so jealous! it will be a wonderful experience! your biggest challenge will probably be having enough batter juice for your camera!
I've had a fair bit bit of experience with the huts in the alps, including a few around chamonix, ski touring (haute route)
- your guide service, if using a guide, probably has a packing list, study it closely
- your packed in shoulder to shoulder in the huts sleeping area, unless you have a rare private room
- the blankets/pillows are re-used daily bring a sheet-like sleeping bag that also covers the pillow
- it can get stuffy in group rooms, try to get a bunk next to the windows
- bring some thin rope in case you need to build a clothesline to dry stuff
- bring your own crocs or something, they usually make you leave your boots in a boot alcove, they used to provide some old rubber 'hut shoes'
- make sure you bring a headlamp and know how to get the bathroom at night
- they never feed you enough, so bring a lot of snacks and if you like coffee, bring some starbucks via and get some hot water or pay through the nose for morning coffee/tea. Don't be afraid to take your cup up to the kitchen area and just ask for some hot water.
- know your please/thank you's in french and german. and how to ask for hot water, more food, etc.
- some huts think a couple of slices of thick bread, butter, jam and a piece of cheese is all you need for breakfast.
- they huts are usually well stocked with local beer, I think they assume that's a meal unto itself, lol
- you usually sit on hard benches, so maybe a very small sit-pad. there's not much to do after arrival, meals are the high-lite (or low lite)
- everywhere in the huts is coed, so there's a lot of clothes changing going on out in the open after arrivals, wet clothes, either from rain/fog or just sweat. This is, well, different, for
Americans, but just go with it.
and now, some hut pix
You may be dating yourself 😉 either that or the French huts haven't been keeping up with their Austrian, Swiss and German counterparts...
> the blankets/pillows are re-used daily bring a sheet-like sleeping bag that also covers the pillow
Sleeping bag liners have been mandatory for at least 20 years now. REI sells them. You can also buy them at any European sporting goods store. You can probably also buy them in the huts. I prefer silk for light weight and packability, as well as comfort.
The supplied pillows tend to be puny. Either wrap some clothes around them or bring an inflatable pillow if you want something that's larger and provides better support.
> it can get stuffy in group rooms, try to get a bunk next to the windows
It can also get very loud when the snorers are active. Bring a pair of ear plugs.
> make sure you bring a headlamp and know how to get the bathroom at night
Be respectful of others when using the headlamp at night. I can't count the number of times someone has wakened me by inadvertently "aiming" their headlamp at my face. I prefer a small pocket flashlight for use inside the hut.
> they never feed you enough, so bring a lot of snacks and if you like coffee, bring some starbucks via and get some hot water or pay through the nose for morning coffee/tea. Don't be afraid to take your cup up to the kitchen area and just ask for some hot water.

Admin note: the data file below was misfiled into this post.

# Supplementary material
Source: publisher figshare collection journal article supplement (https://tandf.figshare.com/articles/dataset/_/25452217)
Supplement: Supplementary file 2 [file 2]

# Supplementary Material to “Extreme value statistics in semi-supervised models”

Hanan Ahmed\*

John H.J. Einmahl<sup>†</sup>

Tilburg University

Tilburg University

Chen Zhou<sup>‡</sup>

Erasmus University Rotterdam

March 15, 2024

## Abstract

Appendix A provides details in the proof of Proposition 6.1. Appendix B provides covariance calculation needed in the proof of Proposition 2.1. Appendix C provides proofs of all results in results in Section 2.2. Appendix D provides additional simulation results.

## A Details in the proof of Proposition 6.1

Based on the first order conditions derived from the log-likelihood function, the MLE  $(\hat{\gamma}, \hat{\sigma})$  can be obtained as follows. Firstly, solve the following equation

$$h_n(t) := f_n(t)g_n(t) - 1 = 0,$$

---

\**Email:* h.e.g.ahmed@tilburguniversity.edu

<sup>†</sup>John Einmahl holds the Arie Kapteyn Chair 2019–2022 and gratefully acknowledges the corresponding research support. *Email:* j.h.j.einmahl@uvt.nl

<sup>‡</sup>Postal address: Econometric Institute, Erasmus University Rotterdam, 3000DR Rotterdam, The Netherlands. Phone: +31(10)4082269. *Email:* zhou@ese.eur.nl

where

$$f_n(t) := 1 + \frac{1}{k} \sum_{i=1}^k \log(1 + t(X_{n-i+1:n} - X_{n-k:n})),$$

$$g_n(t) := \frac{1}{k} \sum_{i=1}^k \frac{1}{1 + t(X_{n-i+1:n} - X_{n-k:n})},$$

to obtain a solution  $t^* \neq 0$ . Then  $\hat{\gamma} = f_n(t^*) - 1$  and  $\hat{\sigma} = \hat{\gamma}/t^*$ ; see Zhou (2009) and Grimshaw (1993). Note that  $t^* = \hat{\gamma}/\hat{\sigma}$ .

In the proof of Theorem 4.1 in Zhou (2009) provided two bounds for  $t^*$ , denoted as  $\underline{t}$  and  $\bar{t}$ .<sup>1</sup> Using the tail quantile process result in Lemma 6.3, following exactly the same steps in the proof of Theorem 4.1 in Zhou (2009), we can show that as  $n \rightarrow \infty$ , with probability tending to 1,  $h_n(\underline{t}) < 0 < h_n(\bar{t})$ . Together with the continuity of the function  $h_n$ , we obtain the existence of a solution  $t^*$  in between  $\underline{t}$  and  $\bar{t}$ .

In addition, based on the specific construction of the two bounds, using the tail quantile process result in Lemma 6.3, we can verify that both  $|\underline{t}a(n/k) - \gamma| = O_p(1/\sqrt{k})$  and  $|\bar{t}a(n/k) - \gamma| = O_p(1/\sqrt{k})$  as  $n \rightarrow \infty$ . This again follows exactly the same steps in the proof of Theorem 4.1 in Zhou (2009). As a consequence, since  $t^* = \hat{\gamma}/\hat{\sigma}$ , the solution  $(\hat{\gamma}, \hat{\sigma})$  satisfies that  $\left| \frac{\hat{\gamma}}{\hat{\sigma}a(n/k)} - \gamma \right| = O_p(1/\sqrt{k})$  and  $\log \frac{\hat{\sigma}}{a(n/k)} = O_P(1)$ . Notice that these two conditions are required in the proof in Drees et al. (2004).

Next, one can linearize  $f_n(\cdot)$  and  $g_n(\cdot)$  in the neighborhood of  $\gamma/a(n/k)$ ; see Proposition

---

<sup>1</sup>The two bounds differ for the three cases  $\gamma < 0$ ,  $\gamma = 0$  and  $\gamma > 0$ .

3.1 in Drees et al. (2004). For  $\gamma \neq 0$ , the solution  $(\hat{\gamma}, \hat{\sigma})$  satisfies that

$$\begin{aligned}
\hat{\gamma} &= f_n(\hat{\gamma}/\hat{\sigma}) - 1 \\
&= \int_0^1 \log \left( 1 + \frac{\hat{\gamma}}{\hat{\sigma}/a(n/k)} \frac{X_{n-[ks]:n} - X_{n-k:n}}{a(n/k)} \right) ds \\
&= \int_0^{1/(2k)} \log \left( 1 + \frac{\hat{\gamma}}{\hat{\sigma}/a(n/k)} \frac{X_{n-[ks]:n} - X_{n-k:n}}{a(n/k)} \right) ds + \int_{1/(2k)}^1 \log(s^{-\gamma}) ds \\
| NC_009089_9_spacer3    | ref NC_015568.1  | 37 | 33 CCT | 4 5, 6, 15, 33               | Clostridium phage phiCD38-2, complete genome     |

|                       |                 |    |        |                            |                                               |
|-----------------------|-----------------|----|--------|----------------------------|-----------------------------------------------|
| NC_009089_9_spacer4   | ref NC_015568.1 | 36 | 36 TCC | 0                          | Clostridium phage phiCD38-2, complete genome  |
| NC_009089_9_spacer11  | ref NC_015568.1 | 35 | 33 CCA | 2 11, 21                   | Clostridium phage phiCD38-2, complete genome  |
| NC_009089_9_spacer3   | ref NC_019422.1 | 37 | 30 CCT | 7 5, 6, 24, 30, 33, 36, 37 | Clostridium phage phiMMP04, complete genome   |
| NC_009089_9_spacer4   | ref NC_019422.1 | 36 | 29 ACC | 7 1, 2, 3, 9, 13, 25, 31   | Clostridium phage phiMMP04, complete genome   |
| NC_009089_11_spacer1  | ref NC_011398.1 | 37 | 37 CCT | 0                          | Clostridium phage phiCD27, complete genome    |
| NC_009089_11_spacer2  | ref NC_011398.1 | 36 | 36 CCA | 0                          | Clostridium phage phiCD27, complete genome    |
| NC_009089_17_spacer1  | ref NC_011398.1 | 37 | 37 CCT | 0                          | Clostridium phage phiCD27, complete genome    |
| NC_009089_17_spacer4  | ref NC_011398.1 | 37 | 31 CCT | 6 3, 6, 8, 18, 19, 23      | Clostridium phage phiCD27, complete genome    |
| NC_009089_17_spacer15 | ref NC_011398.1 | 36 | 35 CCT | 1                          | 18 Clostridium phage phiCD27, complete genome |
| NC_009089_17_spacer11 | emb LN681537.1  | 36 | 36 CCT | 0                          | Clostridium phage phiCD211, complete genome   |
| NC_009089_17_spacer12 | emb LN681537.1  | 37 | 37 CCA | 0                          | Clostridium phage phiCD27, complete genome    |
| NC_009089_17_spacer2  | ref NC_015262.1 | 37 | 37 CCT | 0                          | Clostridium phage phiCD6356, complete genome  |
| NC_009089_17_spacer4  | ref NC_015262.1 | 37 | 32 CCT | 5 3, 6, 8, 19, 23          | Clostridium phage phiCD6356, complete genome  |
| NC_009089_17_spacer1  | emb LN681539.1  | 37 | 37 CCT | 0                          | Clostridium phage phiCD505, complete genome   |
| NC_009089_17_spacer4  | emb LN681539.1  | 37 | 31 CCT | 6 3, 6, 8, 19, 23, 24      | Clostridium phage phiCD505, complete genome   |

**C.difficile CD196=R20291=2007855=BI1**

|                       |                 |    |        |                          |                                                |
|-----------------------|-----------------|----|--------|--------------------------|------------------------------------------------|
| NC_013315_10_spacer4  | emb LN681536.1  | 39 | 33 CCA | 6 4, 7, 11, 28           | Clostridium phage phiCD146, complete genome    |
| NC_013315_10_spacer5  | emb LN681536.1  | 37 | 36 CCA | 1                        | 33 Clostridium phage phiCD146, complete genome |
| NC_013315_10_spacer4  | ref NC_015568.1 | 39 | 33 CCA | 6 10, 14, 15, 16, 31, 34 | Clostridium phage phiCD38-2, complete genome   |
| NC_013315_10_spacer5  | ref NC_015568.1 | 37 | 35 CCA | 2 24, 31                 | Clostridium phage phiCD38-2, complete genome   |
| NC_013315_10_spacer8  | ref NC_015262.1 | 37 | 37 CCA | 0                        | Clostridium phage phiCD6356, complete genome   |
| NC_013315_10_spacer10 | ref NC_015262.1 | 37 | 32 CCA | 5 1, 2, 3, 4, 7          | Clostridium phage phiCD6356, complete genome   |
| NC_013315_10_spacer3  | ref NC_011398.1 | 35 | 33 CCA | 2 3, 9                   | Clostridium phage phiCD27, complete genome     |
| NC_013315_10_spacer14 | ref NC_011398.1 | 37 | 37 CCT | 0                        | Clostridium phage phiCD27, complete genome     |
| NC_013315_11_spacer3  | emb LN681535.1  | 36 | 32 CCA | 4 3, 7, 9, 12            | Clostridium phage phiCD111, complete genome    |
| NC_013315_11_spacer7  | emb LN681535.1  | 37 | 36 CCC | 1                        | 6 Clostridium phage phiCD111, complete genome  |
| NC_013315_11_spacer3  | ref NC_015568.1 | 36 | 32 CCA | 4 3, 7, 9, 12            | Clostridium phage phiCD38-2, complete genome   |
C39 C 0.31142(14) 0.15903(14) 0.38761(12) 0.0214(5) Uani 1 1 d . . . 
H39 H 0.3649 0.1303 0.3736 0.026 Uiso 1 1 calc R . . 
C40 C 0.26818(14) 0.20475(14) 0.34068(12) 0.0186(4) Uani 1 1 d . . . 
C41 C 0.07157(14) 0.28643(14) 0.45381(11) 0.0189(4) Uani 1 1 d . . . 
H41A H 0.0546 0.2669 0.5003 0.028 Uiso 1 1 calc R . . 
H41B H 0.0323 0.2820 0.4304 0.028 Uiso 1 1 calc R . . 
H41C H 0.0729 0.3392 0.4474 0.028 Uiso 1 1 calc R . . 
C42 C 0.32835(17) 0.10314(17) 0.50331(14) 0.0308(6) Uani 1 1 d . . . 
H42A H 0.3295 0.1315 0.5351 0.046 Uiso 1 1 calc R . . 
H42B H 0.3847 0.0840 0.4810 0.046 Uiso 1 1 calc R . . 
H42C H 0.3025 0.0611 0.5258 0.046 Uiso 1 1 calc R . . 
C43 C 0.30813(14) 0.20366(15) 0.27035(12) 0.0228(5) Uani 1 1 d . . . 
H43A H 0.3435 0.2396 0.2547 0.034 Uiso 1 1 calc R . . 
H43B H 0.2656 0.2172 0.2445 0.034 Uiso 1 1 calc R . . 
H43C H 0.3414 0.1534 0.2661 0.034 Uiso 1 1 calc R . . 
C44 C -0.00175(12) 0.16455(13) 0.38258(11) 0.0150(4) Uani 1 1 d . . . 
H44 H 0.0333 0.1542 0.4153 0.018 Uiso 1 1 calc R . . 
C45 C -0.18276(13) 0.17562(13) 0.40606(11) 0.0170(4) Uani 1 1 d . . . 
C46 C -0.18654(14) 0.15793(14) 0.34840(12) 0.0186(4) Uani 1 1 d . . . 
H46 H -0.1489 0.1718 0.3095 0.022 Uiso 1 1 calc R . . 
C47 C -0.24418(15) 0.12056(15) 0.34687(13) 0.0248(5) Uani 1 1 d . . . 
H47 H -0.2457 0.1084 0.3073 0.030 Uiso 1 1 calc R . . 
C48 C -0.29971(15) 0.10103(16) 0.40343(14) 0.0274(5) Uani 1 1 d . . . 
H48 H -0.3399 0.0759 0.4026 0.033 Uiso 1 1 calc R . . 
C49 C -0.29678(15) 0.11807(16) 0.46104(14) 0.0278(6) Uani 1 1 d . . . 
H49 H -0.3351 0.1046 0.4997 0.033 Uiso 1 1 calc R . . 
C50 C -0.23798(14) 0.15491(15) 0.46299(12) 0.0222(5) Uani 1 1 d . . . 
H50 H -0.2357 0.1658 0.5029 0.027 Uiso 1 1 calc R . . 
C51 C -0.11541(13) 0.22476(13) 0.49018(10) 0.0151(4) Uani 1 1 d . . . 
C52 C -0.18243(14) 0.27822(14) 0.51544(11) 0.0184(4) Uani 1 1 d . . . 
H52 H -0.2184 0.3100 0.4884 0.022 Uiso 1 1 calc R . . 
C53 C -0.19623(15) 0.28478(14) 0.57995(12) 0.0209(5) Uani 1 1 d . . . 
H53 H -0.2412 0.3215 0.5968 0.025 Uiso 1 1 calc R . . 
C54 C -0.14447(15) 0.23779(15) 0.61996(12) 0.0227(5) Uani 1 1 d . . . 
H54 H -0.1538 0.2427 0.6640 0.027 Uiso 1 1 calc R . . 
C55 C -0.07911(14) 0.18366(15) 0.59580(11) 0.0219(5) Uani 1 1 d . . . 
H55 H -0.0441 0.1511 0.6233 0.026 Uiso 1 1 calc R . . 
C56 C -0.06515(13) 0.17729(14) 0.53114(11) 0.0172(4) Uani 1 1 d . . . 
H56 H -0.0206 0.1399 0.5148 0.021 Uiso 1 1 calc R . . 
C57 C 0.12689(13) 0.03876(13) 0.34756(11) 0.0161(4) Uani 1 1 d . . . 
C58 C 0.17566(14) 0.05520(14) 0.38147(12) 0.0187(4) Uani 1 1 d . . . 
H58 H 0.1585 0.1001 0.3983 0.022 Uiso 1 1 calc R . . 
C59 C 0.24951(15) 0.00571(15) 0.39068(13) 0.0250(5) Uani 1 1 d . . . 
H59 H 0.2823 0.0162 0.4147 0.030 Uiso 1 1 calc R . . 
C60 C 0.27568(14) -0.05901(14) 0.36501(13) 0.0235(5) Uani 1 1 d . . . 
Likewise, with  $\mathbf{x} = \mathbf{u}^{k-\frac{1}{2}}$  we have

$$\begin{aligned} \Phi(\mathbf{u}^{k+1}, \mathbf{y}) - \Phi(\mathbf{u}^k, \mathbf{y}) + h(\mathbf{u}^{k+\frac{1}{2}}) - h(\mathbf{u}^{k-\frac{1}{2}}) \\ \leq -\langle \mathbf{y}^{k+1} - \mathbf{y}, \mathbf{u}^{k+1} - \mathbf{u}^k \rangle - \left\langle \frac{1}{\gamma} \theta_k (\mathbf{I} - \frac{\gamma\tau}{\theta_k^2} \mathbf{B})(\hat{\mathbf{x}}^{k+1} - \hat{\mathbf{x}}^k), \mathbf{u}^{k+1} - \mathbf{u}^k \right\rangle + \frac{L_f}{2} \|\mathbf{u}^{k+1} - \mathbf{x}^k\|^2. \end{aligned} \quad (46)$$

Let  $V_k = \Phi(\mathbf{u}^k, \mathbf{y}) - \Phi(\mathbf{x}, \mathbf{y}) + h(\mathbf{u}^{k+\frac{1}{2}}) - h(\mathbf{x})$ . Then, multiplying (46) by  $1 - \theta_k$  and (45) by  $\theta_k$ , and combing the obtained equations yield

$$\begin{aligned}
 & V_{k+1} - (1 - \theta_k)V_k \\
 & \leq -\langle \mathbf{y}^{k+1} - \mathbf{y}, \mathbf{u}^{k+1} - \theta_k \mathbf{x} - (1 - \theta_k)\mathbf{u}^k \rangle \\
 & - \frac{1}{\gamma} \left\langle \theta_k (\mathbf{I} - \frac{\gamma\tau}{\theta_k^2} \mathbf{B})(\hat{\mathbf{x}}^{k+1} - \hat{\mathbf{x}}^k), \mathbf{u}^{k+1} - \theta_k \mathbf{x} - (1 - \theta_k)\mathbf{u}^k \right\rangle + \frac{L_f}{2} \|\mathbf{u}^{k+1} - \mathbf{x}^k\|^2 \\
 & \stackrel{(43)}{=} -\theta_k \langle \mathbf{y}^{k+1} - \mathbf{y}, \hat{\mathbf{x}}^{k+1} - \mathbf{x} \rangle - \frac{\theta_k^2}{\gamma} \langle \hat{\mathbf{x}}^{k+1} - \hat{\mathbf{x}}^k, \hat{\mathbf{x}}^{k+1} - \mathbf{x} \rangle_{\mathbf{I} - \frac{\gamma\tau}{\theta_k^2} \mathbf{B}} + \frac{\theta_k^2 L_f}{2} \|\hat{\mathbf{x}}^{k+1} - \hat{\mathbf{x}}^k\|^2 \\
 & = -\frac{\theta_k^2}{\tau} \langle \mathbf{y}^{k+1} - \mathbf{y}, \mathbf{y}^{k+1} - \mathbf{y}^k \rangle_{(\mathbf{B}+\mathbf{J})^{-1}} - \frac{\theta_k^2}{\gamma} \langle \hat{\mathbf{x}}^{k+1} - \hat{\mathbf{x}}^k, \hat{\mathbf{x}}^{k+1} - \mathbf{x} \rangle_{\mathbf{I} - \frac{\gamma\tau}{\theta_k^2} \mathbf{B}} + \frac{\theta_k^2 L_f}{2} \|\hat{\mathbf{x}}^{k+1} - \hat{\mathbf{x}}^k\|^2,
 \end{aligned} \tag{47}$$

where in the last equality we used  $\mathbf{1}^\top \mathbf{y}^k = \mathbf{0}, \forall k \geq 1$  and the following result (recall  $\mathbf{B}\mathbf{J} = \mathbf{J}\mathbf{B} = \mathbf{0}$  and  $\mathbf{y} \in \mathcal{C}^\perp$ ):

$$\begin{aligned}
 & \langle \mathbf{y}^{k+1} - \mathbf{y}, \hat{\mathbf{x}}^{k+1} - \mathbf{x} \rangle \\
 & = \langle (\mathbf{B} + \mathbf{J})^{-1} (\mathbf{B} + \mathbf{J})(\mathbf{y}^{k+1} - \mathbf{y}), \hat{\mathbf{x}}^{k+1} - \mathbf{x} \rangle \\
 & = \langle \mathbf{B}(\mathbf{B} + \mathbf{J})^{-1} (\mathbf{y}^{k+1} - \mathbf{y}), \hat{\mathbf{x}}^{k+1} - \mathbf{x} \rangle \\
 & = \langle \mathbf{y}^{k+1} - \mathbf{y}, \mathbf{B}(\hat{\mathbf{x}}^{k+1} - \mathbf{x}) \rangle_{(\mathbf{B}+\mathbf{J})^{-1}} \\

That's also improved greatly since the '80s and '90s. Food is generally plentiful. It's often as good as you'll find down in the valleys. Many huts also offer vegetarian options.
> some huts think a couple of slices of thick bread, butter, jam and a piece of cheese is all you need for breakfast.
Breakfasts are now often all-you-can-eat buffets with yoghurt, muesli, eggs, hams, sausages, cheese, orange juice, etc. The food is meant for consumption at breakfast. Don't take extras for later snacking.
If you can carry the extra weight, bring a thermos and get it filled with tea or hot water every morning before you head out.
> they huts are usually well stocked with local beer, I think they assume that's a meal unto itself, lol
Not just beer and not just one variety. Nothing quenches thirst after a hike on a hot day than a cold beer. Huts also have wine and liquor (schnapps.)
Back in the '80s and '90s showers were essentially non-existent. Now they're often available. A few even offer "warm" water 😉 as an option. You'll need to buy a token and the warm water will be on a timer, e.g. a couple of minutes, so plan accordingly.
Huts are now also very environmentally-conscious. Use water, even cold water, sparingly. Pack out your waste.
Many huts now require hiking poles to be hung up on a rack rather than brought up to the dorm. Similarly some don't like day packs being brought into the dining room. If you're not sure about something, ask. Most people (staff and other hikers) speak English, often very good English. Most appreciate it if you try to speak their native language first.
Carry local cash (Euros.) Don't assume that credit cards are accepted.
If you have devices that need recharging, bring an AC charger and adapter. There are usually only a few public AC outlets. Use them respectfully of others.
There's cell phone service at some huts. There may even be WiFi.
The national alpine clubs (who sponsor the huts) have websites as do most of the huts. You can use these when planning your trip to find out what facilities are available at each hut. Google is your friend.
one or more gifts or other benefits from the co-op.
something else, the hut staff is always very busy and are not going to 'wait on' you. If you want/need something you'll have to go get them, get their attention and just ask, in their language at first, they'll let you know if they speak english once they get impatient at your butchering the vocab (my experience, I did a lot of butchering, lol), smile, be friendly, but firm and resolute so you don't get pushed over by very aggressive, uh, other climbers/hikers, are more than used to pushing by folks to get to front.